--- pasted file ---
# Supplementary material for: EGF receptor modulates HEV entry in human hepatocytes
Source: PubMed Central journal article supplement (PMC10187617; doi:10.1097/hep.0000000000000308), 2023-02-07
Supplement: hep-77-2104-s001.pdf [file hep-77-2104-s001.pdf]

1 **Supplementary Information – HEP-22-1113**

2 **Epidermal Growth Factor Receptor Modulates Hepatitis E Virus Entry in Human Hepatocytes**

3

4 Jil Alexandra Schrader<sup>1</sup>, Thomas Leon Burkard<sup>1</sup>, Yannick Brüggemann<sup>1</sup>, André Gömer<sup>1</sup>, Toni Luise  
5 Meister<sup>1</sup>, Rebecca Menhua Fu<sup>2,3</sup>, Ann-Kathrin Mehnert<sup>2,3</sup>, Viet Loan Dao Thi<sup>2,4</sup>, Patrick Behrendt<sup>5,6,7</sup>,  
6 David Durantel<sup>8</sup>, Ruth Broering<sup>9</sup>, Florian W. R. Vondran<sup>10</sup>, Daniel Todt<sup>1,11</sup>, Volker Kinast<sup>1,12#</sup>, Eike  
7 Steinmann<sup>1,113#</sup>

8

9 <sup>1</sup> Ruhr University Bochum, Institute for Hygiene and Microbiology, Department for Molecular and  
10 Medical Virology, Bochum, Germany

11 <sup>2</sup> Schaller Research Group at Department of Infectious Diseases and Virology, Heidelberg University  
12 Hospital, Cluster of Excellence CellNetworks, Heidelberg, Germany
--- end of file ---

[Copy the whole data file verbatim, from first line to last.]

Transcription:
# Supplementary material for: EGF receptor modulates HEV entry in human hepatocytes
Source: PubMed Central journal article supplement (PMC10187617; doi:10.1097/hep.0000000000000308), 2023-02-07
Supplement: hep-77-2104-s001.pdf [file hep-77-2104-s001.pdf]

1 **Supplementary Information – HEP-22-1113**

2 **Epidermal Growth Factor Receptor Modulates Hepatitis E Virus Entry in Human Hepatocytes**

3

4 Jil Alexandra Schrader<sup>1</sup>, Thomas Leon Burkard<sup>1</sup>, Yannick Brüggemann<sup>1</sup>, André Gömer<sup>1</sup>, Toni Luise  
5 Meister<sup>1</sup>, Rebecca Menhua Fu<sup>2,3</sup>, Ann-Kathrin Mehnert<sup>2,3</sup>, Viet Loan Dao Thi<sup>2,4</sup>, Patrick Behrendt<sup>5,6,7</sup>,  
6 David Durantel<sup>8</sup>, Ruth Broering<sup>9</sup>, Florian W. R. Vondran<sup>10</sup>, Daniel Todt<sup>1,11</sup>, Volker Kinast<sup>1,12#</sup>, Eike  
7 Steinmann<sup>1,113#</sup>

8

9 <sup>1</sup> Ruhr University Bochum, Institute for Hygiene and Microbiology, Department for Molecular and  
10 Medical Virology, Bochum, Germany

11 <sup>2</sup> Schaller Research Group at Department of Infectious Diseases and Virology, Heidelberg University  
12 Hospital, Cluster of Excellence CellNetworks, Heidelberg, Germany